We use these words as a touchstone in the evening purifications we practice daily in our homes. In the flame of our cosmic fire each of us strives to purify ourselves, to empty ourselves of the poisons of mind and heart: partial truths, trivialities, anger, fear. The broken symmetry of our chalice icon, its movement away from the center of the circle, reminds us that imperfection —and its gifts —are ongoing. There will always be partial truths, and the opportunity to enlarge them. There will always be trivialities, and the opportunity to see further. There will always be anger, and the opportunity to transform. There will always be fear and hurt, and the opportunity to heal.

These private practices are especially important in the seven days between the weekend of Sorrows and the congregation's Dark Service, which deepens our purification with a liturgy of ultimate loss. The service begins with the chalice and a row of burning candles illuminating the front of the sanctuary. The chalice remains burning throughout the service, representing the continuing creativity of Mystery, but one by one the candles are snuffed out, each extinguished candle representing one of the vast losses in the cosmic unfurling: the breaking of the perfect symmetry of the void with the creation of the Universe itself; the Great Annihilation of particles and antiparticles; the Second Annihilation of galactic collisions; the death of massive stars as they explode their rich elements into the heavens; the great extinctions: the Ice Deaths, the Great Dying, the Death from the Sky, the Fire Death, the Death from Within; the future death of the Sun and Earth;[6] the death of the Universe itself.

The minister speaks, adapting the words of Brian Swimme:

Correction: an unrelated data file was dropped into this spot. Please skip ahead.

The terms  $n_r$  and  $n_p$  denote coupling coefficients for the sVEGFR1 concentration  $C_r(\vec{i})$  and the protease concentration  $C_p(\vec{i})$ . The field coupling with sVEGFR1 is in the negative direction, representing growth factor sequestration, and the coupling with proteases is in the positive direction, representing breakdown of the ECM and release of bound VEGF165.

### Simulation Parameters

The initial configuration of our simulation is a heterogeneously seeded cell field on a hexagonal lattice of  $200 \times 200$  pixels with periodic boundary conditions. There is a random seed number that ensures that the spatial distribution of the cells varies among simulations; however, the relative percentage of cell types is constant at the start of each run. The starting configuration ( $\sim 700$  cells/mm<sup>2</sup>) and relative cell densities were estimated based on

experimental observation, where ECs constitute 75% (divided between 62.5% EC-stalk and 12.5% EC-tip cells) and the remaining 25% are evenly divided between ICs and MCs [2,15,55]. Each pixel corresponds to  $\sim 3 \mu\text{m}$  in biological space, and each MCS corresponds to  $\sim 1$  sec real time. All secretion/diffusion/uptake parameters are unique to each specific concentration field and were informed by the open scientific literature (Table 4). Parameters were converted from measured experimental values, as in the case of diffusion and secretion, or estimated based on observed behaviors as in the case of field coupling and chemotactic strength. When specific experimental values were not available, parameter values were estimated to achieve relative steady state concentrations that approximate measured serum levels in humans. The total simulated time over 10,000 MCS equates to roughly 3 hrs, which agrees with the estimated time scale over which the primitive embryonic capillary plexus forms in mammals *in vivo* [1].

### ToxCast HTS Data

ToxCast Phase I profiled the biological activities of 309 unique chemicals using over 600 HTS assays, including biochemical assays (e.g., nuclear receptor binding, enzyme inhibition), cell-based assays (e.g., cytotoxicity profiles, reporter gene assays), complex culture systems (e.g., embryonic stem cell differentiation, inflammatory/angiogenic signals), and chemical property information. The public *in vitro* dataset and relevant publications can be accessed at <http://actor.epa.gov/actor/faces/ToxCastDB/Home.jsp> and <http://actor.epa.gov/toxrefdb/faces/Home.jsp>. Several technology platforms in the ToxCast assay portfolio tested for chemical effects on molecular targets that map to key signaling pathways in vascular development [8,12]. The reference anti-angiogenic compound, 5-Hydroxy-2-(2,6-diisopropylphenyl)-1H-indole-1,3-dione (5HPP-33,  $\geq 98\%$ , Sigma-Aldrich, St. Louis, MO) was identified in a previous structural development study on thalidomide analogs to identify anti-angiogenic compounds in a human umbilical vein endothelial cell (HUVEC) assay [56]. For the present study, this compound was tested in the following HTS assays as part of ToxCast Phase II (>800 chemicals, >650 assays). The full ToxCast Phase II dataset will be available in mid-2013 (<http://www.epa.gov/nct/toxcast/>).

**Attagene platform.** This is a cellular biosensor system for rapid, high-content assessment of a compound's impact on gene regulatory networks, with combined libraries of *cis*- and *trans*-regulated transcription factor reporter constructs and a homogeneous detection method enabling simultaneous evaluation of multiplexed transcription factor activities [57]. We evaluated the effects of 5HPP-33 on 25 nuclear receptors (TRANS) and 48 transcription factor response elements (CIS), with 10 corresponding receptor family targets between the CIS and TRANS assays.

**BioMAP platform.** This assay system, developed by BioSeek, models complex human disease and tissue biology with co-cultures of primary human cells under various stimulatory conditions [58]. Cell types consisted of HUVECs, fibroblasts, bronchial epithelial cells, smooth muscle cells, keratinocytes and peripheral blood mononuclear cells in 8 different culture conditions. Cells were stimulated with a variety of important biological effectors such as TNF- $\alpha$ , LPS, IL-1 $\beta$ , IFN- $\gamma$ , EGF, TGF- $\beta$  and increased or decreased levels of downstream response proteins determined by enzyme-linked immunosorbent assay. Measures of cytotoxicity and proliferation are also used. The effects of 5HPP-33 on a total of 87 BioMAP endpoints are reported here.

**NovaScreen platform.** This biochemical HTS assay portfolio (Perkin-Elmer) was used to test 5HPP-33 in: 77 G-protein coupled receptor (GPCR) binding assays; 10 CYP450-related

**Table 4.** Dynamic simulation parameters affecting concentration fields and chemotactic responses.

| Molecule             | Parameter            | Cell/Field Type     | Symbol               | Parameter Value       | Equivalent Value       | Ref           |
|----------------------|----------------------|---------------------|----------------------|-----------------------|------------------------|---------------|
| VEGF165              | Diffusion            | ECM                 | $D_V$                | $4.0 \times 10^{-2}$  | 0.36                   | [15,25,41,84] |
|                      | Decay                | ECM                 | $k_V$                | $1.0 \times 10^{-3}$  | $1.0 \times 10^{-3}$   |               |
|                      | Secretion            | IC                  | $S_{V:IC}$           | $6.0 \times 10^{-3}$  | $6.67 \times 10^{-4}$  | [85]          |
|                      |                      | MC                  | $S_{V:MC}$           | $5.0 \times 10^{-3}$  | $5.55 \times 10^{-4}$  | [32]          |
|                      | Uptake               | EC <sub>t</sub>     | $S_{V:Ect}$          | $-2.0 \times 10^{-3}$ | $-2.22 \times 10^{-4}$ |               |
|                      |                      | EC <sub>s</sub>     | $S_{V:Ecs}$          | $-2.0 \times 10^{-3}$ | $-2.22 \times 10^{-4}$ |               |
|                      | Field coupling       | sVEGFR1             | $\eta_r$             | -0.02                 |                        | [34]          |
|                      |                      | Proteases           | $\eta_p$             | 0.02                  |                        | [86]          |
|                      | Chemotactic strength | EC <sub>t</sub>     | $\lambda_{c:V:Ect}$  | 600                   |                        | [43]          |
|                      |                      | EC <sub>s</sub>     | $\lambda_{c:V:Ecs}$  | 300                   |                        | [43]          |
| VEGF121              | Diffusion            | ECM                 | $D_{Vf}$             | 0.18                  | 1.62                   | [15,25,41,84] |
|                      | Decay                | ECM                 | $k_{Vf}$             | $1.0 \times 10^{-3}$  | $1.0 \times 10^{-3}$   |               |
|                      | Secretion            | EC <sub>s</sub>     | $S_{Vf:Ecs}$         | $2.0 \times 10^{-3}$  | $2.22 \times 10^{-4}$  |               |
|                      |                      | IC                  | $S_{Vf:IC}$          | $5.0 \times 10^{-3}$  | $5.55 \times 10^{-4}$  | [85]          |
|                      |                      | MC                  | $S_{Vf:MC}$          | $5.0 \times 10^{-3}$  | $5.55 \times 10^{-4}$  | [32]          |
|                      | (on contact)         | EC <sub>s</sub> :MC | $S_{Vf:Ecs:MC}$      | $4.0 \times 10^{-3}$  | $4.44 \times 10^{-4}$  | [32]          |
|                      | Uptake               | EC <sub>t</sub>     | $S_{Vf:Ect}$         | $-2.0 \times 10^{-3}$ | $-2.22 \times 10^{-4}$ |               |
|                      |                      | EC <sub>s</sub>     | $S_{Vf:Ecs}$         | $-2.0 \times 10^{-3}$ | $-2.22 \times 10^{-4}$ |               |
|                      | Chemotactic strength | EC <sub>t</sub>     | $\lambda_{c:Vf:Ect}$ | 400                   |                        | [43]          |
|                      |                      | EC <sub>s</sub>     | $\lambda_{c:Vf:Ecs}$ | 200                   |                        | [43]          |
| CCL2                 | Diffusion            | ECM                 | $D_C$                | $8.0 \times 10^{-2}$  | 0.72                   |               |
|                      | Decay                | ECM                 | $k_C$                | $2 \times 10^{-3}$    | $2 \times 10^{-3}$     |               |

All creativity has a cost. For something to be created, something else has to "dissolve." So everything in the ongoing creative event of the Universe is ultimately lost: the emptiness of the void, the fireball form, stars, species, individuals, special moments —everything. Perhaps even the Universe itself is a flashing show, which will one day be required by ultimate Mystery.

We arrive here and everything is given to us. These gifts are a result of sacrifices on the part of the Universe —the fireball, stars, extinct species, Sun, Earth, animals, plants, and other humans. All the gifts from these were needed and are needed for our lives. They are the cost of our existence. The Universe is an ongoing sacrificial event. What is required of us is reciprocal giving. We find ourselves in this place of exchange, this great feasting where everything is nourishing everything else. Things arrive and give themselves over for the adventure of the Universe. (Swimme 1990, p. 5)

After the last candle has been snuffed, the chalice still aflame, we sit, and speaking together, share communion. What does it mean to our lives that all will be lost, that all is slipping away into Mystery and the Great On-Flowing? How can we know which losses and fears we must fight, discount, or creatively accept? How can awareness of our inescapable death galvanize us to live nobly, to create, to feed the ongoing Story of the Universe?

The Creations

"Grow wild according to thy nature." —Thoreau